Beyond Musharraf

By Ahmed Rashid
Tuesday, August 19, 2008

ISLAMABAD, Pakistan -- The resignation of President Pervez Musharraf yesterday after nine years in office is a major victory for Pakistan's long-battered and still fragile democratic forces. But particularly given the meltdown the country has endured in recent weeks, there are still many obstacles to effective civilian governance. Although the United States will expect things to change in a hurry, they are unlikely to do so right away.

Three of Pakistan's past four military rulers have been driven from power by popular movements, but the politicians who followed the military all failed to take advantage of the people's desire for democracy and economic development and were eventually forced out by the military on charges of corruption and incompetence.

The most pressing issues today involve the long-standing tension of Pakistan's politics and the relationship between the civilian government and the military. The government is led by the Pakistan People's Party, now run by Asif Ali Zardari, the widower of former prime minister Benazir Bhutto, but his party governs through a complex coalition of parties.

The PPP's main antagonist is former prime minister Nawaz Sharif, head of the Pakistan Muslim League-N, who never misses an opportunity to try to pull down the PPP, his longtime rival, rather than working with it to consolidate the few democratic gains the country has made.

Overthrown by Musharraf in a 1999 coup and humiliated by the army, Sharif rejects concessions to the army and offers no support to the war against Taliban extremists. Busy pandering to his right-wing supporters, he has little time for American demands.

Sharif believes that his popularity and the parliamentary seats he controls in the majority province of Punjab will eventually regain him the prime ministership.

In the next few days, internal coalition battles will continue as key questions arise, including where Musharraf should live, whether impeachment should proceed, how the senior judges Musharraf dismissed last November should be restored to their offices and who should become president.

Sharif is taking a hard line, while Zardari wants to move slowly and not confront the army by further humiliating Musharraf, a former army chief.

These power struggles within the coalition are magnified by the enormous mistrust that exists between the army and both parties. The army's mistrust of the PPP has a nearly 40-year history, and the military dislikes Sharif.

In the past six months, the army and the coalition government have failed to work out a joint strategy to combat the Pakistani Taliban, which is swarming across northwestern Pakistan, or to prevent Taliban fighters from crossing the border and fighting in Afghanistan.

The army, which is not popular, wants the civilian government to take political responsibility for going after the extremists. Sharif has no intention of doing the army's bidding, and Zardari has yet to hammer out a position that can garner coalition agreement. Meanwhile, the economy is in meltdown, with inflation running at 25 percent, but the government has not been able to lift investor confidence.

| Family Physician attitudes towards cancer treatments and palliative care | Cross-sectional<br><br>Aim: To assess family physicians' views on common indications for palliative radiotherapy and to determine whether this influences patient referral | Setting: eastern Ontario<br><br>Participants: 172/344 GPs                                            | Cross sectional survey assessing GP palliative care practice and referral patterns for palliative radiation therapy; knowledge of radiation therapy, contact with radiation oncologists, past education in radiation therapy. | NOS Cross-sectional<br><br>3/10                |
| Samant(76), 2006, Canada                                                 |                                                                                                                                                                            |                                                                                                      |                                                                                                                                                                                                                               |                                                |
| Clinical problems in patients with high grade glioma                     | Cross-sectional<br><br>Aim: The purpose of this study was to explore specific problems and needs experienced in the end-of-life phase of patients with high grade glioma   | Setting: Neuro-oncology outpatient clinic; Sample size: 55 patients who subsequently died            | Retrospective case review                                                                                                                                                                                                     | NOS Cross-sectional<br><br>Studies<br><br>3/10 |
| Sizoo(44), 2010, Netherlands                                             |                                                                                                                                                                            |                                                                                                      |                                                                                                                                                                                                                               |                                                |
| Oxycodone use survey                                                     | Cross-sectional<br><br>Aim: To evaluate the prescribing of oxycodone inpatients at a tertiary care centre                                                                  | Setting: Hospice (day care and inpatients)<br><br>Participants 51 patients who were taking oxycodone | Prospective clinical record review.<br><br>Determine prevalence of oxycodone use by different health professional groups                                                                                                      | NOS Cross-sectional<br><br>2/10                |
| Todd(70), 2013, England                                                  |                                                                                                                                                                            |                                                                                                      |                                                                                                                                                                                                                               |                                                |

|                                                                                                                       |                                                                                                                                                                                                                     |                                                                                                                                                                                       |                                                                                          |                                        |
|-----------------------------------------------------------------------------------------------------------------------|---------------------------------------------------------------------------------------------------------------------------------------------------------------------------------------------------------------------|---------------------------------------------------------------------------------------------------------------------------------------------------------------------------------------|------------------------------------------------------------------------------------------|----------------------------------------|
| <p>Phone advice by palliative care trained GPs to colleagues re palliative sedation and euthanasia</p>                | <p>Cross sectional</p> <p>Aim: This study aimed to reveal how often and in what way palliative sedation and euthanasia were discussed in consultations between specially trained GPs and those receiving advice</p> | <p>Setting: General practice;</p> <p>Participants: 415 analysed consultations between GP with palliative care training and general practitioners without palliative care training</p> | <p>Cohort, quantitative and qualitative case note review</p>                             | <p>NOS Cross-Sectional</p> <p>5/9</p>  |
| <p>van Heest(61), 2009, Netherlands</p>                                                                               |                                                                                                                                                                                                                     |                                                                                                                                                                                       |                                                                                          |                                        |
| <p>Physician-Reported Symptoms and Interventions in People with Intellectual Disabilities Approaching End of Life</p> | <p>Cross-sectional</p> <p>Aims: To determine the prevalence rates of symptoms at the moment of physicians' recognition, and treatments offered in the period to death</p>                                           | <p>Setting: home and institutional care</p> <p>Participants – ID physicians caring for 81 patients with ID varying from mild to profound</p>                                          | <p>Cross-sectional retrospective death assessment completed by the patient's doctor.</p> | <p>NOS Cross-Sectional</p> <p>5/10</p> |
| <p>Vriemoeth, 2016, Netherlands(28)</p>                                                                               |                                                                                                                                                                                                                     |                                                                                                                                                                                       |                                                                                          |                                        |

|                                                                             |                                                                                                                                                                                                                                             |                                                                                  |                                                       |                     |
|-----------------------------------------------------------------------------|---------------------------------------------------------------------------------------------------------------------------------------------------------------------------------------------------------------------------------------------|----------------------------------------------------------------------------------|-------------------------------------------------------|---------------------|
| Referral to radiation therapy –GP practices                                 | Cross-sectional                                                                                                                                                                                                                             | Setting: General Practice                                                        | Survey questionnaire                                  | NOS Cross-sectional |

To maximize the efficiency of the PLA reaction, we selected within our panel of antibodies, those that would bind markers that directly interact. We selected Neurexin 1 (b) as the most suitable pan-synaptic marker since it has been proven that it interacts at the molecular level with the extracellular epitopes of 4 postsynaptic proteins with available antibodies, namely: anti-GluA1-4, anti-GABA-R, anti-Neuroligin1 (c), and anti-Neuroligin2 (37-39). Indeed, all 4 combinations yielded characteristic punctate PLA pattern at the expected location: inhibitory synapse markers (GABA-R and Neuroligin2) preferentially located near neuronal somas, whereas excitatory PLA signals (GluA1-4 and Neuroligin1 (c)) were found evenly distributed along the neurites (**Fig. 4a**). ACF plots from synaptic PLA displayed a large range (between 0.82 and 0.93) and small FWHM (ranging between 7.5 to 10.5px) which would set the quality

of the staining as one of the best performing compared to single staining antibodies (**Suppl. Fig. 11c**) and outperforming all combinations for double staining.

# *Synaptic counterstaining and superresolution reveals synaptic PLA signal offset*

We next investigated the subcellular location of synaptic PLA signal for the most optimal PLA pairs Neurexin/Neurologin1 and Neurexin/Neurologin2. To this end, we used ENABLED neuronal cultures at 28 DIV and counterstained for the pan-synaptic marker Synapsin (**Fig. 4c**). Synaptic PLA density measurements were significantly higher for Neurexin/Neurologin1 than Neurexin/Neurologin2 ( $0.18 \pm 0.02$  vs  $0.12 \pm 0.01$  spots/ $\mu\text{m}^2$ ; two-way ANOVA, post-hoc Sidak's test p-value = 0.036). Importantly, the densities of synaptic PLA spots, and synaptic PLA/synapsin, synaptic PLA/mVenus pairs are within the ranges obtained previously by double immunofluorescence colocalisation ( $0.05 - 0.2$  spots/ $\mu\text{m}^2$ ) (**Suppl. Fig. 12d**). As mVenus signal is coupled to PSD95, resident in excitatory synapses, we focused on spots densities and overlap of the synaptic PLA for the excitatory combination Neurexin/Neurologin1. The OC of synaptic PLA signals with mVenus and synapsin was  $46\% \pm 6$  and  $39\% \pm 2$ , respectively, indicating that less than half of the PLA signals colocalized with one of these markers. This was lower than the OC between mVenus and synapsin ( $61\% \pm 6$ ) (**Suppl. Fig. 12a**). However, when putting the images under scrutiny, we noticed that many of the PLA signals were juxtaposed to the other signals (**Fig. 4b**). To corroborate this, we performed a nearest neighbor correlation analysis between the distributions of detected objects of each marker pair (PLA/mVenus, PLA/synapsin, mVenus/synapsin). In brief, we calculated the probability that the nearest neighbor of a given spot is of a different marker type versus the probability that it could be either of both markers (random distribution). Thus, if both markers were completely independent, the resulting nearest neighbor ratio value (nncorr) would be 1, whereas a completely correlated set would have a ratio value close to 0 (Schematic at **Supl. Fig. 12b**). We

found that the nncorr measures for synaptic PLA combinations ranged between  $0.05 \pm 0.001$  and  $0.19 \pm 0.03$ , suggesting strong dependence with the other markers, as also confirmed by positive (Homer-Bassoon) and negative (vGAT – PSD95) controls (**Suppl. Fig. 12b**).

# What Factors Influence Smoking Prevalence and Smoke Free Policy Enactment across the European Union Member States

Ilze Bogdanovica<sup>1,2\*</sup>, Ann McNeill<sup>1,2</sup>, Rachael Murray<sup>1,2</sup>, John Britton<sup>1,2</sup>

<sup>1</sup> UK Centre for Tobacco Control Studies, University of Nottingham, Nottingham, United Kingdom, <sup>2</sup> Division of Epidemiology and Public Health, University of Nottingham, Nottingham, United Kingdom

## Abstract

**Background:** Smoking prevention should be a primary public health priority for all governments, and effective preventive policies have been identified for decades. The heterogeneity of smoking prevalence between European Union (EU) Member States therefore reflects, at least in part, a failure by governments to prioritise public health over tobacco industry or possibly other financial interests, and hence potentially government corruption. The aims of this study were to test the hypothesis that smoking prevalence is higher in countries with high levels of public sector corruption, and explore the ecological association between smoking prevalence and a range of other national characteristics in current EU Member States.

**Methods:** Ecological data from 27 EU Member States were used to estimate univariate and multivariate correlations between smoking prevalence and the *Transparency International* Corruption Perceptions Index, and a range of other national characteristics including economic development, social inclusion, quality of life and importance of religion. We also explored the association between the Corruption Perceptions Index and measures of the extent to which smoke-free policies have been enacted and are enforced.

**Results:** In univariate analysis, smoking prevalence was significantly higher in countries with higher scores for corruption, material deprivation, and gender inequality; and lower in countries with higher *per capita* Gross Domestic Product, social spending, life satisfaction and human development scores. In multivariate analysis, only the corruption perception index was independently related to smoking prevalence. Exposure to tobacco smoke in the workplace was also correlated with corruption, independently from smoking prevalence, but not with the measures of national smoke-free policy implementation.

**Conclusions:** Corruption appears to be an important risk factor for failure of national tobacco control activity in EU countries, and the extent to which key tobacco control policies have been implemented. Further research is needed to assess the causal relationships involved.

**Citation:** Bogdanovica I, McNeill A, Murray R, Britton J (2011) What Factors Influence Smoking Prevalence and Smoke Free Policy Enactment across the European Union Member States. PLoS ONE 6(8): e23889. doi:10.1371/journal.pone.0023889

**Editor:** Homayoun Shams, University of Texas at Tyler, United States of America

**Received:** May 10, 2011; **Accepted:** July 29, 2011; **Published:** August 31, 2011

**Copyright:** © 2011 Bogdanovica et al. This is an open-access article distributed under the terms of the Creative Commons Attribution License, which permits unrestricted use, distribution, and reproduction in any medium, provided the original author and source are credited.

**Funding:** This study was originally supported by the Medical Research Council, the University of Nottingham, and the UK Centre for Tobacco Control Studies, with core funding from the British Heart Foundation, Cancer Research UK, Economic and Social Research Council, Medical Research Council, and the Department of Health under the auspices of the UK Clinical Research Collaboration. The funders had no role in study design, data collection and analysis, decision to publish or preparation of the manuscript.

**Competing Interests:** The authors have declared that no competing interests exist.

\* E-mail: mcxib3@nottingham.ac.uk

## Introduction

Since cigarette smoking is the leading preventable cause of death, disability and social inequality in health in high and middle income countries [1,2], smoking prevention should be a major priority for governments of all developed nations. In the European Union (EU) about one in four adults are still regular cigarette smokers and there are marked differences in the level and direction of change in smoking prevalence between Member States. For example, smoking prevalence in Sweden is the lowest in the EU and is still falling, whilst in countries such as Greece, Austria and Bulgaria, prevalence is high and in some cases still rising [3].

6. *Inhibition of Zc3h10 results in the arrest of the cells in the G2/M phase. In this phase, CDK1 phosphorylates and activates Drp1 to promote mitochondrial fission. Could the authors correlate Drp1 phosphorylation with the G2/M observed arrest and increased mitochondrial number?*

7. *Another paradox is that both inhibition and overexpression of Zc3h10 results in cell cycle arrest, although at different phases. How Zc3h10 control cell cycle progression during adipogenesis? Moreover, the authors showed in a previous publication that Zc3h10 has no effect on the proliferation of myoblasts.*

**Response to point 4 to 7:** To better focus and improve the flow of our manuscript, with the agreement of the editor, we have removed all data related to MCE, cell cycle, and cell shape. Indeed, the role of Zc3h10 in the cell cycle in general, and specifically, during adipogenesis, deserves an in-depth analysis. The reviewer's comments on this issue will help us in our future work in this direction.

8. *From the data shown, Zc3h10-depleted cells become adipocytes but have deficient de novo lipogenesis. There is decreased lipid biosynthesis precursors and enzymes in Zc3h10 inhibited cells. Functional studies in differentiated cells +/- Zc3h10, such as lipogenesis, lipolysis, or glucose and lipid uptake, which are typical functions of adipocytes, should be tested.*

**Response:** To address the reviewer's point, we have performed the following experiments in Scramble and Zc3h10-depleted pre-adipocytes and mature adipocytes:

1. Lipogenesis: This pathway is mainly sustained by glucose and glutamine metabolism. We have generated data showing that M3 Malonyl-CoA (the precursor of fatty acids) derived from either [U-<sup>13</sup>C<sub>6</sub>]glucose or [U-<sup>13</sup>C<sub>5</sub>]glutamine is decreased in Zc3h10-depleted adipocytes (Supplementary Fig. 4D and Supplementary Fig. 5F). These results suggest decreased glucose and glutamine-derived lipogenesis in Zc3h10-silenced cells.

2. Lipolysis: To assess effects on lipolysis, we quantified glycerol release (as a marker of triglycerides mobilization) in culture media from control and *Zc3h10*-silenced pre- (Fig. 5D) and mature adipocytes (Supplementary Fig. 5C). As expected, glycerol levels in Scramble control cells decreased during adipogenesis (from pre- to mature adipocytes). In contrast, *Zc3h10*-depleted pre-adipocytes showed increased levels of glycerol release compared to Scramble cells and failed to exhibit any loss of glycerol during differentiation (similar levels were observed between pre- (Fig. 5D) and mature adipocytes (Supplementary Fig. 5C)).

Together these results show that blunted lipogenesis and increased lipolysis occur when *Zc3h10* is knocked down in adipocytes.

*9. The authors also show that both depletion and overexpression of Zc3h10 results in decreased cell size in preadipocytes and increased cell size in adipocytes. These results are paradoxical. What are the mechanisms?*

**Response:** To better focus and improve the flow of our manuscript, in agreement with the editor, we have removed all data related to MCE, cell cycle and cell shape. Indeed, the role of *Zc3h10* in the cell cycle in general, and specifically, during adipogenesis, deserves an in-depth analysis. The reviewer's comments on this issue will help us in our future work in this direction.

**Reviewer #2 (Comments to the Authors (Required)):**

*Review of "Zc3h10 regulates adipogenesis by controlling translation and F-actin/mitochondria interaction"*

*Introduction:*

The mess that Musharraf leaves behind will haunt Pakistan and the world in the months ahead. The international community is likely to grow even more nervous about Pakistan as extremists become stronger and more audacious.

The government and the army are besieged by escalating U.S. and NATO threats that Pakistan must either help catch Osama bin Laden and do more to stop the Taliban's offensives or face stepped-up U.S. bombing against the Taliban inside Pakistan.

Much of the fault for this situation lies with Musharraf's aversion to democracy and his failure to capitalize on the opportunities offered by joining the Western alliance in the war against terrorism after Sept. 11. After the 2001 attacks, Musharraf received massive financial aid ($11.8 billion from Washington alone) and unstinting international political support -- yet failed to use it for the common good.

He rigged his own reelection in 2002 and long disrupted attempts at a transition to a democracy. After millions of Pakistanis took to the streets last year, demanding the rule of law, Musharraf imposed a state of emergency. Under extreme public pressure, he was forced to rescind his measures and agreed to hold free and fair elections in February, in which his political supporters were trounced.

Meanwhile, Musharraf's relationship with the West disintegrated as the Taliban gained ground in Afghanistan, using its bases in Pakistan. There was a Taliban blowback inside Pakistan as the Pakistani Pashtun tribesmen who protected bin Laden and the Afghan Taliban when they retreated to Pakistan in 2001 were themselves radicalized. They formed their own militias with their own agenda: to turn Pakistan into an Islamic Taliban-style state. In December, they assassinated the one person who could have pulled the country together -- PPP leader Benazir Bhutto.

Most Pakistanis see the coalition government as the country's last chance for democracy, and they want it to work. The army, the government and the international community have to work together so that Pakistan can start tackling its real problems.

Ahmed Rashid, a Pakistani journalist, is the author of "Descent into Chaos: The United States and the Failure of Nation Building in Afghanistan, Pakistan and Central Asia."

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